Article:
For UK travellers who are looking for insurance to cover FCDO advisory Locations we have found the Battle Face Insurance company is worth considering.
"battleface is provided by Tangiers Insurance Services Limited, a UK insurance intermediary authorised and regulated by the Financial Conduct Authority, Tangiers Underwriting Services SRL, a Belgian mandated underwriter registered with the Authority of Financial Markets and Services and battleface Insurance Services LLC, a US licensed insurance producer. The details provided on this webpage are for information only. Always read the description of cover contained within your policy to ensure it is suitable for your needs.”
All travellers arriving into Tanzania, Kenya and Mozambique from any Yellow Fever infected country (such as Kenya, Tanzania, Ethiopia, Uganda etc) must carry a valid Yellow Fever certificate which you will be asked to show on arrival even if you have just transited through the airport of an infected country. Entry may be denied if you do not have the necessary certificate.
You do NOT need a Yellow Fever certificate if arriving from Europe or the US, or if you are flying into Zanzibar from mainland Tanzania (or vice versa).
However, since these rules are subject to change overnight, and also to misinterpretation from overzealous immigration officials, we strongly recommend that you travel with a Yellow Fever certificate or exemption certificate. Please also note that the Yellow Fever vaccination only becomes effective 10 days after vaccination.
Malaria is endemic throughout East Africa. Seek the advice of your doctor before you travel as to which prophylactics are currently recommended. If you feel unwell and feverish at any time while travelling or within a year of your return, seek medical advice as soon as possible and tell your doctor that you have been in a malarial zone.
It is not unusual to suffer a mild stomach upset in the first few days of your trip due to a change in the food and water. You may wish to carry some Imodium and rehydration salts with you in case of this eventuality.
It is normally recommended that travellers to East Africa should be inoculated against typhoid and hepatitis. Consult your doctor before you travel about these and any other recommended inoculations. The BA Travel Clinic (020 7439 9584) or Trailfinders (020 7938 3999) can also advise.
Remember to take with you sufficient supplies of any personal medications to last the duration of your trip. It is also a good idea to carry a copy of your doctor’s prescription in the event of any issues arising at customs. Essential medications are best carried in hand luggage in case hold luggage should go astray.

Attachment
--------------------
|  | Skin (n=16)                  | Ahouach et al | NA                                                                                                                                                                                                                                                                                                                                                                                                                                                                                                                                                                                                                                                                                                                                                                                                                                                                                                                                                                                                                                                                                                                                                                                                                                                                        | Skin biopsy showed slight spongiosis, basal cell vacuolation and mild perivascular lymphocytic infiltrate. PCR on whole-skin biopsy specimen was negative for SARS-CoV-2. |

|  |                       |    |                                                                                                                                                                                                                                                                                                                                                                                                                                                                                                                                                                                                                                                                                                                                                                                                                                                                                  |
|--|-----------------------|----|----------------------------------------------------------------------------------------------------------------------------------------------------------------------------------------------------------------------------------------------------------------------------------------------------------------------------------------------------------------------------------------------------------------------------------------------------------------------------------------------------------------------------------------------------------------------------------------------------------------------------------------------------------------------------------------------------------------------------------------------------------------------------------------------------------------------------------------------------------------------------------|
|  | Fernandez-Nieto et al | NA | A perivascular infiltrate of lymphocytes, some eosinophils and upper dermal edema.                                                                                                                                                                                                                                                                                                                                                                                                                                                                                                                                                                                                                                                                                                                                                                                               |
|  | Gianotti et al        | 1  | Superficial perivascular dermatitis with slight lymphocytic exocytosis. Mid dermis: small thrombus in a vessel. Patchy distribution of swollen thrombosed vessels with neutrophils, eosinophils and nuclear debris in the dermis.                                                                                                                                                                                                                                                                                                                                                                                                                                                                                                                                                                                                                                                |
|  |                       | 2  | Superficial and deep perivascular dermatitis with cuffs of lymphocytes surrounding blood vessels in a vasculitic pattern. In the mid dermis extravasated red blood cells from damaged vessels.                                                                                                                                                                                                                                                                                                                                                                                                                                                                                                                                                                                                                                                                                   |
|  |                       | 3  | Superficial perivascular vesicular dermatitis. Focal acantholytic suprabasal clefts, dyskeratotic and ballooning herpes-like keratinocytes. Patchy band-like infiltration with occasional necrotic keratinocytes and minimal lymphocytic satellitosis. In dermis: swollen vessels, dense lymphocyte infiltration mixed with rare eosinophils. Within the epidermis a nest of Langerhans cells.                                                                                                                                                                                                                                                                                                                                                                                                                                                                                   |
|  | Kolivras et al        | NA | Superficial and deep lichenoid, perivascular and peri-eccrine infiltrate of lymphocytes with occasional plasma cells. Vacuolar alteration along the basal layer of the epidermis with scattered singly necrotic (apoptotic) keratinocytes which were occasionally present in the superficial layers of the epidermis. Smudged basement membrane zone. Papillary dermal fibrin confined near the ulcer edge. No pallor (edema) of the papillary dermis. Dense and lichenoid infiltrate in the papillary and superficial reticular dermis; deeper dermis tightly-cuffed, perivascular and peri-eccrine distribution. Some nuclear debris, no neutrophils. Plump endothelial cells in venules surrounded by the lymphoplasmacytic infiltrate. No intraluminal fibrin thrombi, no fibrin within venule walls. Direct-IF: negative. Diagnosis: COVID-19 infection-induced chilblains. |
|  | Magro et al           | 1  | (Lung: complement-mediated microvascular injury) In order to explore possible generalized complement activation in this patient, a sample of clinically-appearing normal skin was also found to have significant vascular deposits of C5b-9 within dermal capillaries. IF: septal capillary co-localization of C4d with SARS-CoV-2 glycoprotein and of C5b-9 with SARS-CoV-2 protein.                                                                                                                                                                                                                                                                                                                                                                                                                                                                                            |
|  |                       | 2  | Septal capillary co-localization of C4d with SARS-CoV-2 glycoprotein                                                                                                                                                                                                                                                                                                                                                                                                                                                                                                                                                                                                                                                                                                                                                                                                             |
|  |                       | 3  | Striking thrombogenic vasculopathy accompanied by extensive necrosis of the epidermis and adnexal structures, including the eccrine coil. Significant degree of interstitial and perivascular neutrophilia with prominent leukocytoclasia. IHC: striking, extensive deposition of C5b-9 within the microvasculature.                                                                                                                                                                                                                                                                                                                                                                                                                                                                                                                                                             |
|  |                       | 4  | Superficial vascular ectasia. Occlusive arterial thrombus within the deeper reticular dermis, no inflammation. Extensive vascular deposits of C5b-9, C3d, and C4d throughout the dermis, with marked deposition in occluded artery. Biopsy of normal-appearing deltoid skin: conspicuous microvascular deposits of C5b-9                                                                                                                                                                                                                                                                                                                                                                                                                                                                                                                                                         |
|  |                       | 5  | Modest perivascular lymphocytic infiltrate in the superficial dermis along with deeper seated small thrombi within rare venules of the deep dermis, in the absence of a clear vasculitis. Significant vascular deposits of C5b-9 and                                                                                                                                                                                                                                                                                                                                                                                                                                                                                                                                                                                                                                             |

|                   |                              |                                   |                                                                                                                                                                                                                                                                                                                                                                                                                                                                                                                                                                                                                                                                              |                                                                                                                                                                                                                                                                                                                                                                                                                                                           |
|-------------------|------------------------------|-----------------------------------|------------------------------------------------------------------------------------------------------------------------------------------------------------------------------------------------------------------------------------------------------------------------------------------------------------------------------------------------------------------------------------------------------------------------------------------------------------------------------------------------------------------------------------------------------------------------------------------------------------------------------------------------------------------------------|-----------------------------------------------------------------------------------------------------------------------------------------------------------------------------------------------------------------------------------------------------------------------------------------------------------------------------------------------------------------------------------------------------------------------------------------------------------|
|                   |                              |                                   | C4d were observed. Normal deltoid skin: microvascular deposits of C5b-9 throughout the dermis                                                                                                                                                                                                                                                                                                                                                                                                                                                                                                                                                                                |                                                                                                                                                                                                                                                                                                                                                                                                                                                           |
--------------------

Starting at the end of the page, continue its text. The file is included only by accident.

For keen photographers, we advise a minimum zoom of 300mm, a 70-300mm lens is recommended. Binoculars are also very useful on safari, especially for keen birders; a specification of 10 x 40 would be ideal. It is possible to rent a pair from the The Safari Store.
The mains electricity supply is 240 volts, 50 cycles, and uses UK-style plugs. On safari, many lodges and tented camps operate their own generators which offer intermittent electricity. Short power cuts may be expected – rather than being a cause of frustration this should be seen as part of the charm of the safari experience! We recommend taking a small flashlight. It is possible to charge cameras, phones and tablets in all camps at some point during your stay.
Hairdryers requiring extra power cannot be used in some camps and lodges.
Please note that ALL internal flights within Africa will stop off at (sometimes several) different airstrips on the way to your final destination. The exact route is decided by the airline the night before.
Swahili is the first language for most Tanzanians, although English is very widely spoken and is the other official language of Tanzania. There is absolutely no need for visitors to speak any Swahili, however any effort you make to say a few words in the local language will be greeted with great delight.
Habari ya asubuhi Good morning / how are you this morning
Habari ya mchana Good afternoon / how are you this afternoon
Habari ya jioni Good evening (or late afternoon) / how are you this evening
(In response) Mzuri! Fine / good!
Na wewe? And you?
Asante Thank you
Sana Very much (e.g. Asante sana – thank you very much)
Chakula kizuri Good food
Lala Salaama Sleep well
Tanzania’s official currency is the Tanzania Shilling. However US dollars are widely used and all your prices and payments will be in dollars, thus there is no need to take Shillings. Please be aware that US dollar notes dated before 2006 are not usually accepted because of the risk of counterfeiting. Credit cards are widely accepted, however a large surcharge is often added. Some camps do not accept cards and you will need to settle your drinks bill in cash. You may also wish to take sufficient dollars in low denominations for gratuities.
While Tanzania is broadly Christian, much of the swahili coast is Muslim and it is important to respect all cultural differences. Swimwear is appropriate at all beach resorts and at your hotel / lodge pool, but not in town. Topless sunbathing is prohibited. Throughout the country, permission should be requested before taking photographs of local people. Although most safari lodges offer a laundry service, this often excludes underwear.
Flights departing Zanzibar are subject to a departure tax of $46 per person for international flights and around $15 per person for internal flights. Flights from Kigali are subject to a departure tax of $40. These amounts must be paid locally in cash. All other taxes within Tanzania are prepaid.